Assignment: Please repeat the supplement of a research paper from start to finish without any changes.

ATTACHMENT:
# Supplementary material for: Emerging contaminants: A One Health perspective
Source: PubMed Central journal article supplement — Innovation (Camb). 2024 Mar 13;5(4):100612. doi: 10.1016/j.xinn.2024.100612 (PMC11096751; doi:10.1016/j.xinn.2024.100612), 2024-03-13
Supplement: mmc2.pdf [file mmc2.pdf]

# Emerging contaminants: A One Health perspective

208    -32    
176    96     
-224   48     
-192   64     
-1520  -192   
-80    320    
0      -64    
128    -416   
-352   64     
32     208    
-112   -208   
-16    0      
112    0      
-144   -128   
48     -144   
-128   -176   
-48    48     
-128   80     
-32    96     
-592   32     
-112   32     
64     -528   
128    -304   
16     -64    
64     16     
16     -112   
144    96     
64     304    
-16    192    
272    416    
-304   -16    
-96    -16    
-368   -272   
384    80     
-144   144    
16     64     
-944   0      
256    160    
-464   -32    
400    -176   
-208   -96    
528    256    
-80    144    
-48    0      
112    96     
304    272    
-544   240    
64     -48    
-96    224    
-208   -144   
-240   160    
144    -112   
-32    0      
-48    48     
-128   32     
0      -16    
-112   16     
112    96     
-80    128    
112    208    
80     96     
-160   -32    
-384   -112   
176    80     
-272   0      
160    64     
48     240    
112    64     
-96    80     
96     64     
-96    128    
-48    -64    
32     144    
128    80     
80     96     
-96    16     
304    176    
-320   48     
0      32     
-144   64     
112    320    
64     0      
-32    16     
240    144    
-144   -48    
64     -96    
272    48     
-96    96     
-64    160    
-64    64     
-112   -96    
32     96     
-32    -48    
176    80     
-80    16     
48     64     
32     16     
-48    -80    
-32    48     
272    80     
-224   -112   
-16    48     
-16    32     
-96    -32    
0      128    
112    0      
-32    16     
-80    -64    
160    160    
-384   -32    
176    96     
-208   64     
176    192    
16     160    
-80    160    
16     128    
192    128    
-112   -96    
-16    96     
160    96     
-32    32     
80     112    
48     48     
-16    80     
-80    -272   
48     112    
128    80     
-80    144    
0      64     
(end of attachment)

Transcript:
# Supplementary material for: Emerging contaminants: A One Health perspective
Source: PubMed Central journal article supplement — Innovation (Camb). 2024 Mar 13;5(4):100612. doi: 10.1016/j.xinn.2024.100612 (PMC11096751; doi:10.1016/j.xinn.2024.100612), 2024-03-13
Supplement: mmc2.pdf [file mmc2.pdf]

# Emerging contaminants: A One Health perspective

208    -32    
176    96     
-224   48     
-192   64     
-1520  -192   
-80    320    
0      -64    
128    -416   
-352   64     
32     208    
-112   -208   
-16    0      
112    0      
-144   -128   
48     -144   
-128   -176   
-48    48     
-128   80     
-32    96     
-592   32     
-112   32     
64     -528   
128    -304   
16     -64    
64     16     
16     -112   
144    96     
64     304    
-16    192    
272    416    
-304   -16    
-96    -16    
-368   -272   
384    80     
-144   144    
16     64     
-944   0      
256    160    
-464   -32    
400    -176   
-208   -96    
528    256    
-80    144    
-48    0      
112    96     
304    272    
-544   240    
64     -48    
-96    224    
-208   -144   
-240   160    
144    -112   
-32    0      
-48    48     
-128   32     
0      -16    
-112   16     
112    96     
-80    128    
112    208    
80     96     
-160   -32    
-384   -112   
176    80     
-272   0      
160    64     
48     240    
112    64     
-96    80     
96     64     
-96    128    
-48    -64    
32     144    
128    80     
80     96     
-96    16     
304    176    
-320   48     
0      32     
-144   64     
112    320    
64     0      
-32    16     
240    144    
-144   -48    
64     -96    
272    48     
-96    96     
-64    160    
-64    64     
-112   -96    
32     96     
-32    -48    
176    80     
-80    16     
48     64     
32     16     
-48    -80    
-32    48     
272    80     
-224   -112   
-16    48     
-16    32     
-96    -32    
0      128    
112    0      
-32    16     
-80    -64    
160    160    
-384   -32    
176    96     
-208   64     
176    192    
16     160    
-80    160    
16     128    
192    128    
-112   -96    
-16    96     
160    96     
-32    32     
80     112    
48     48     
-16    80     
-80    -272   
48     112    
128    80     
-80    144    
0      64     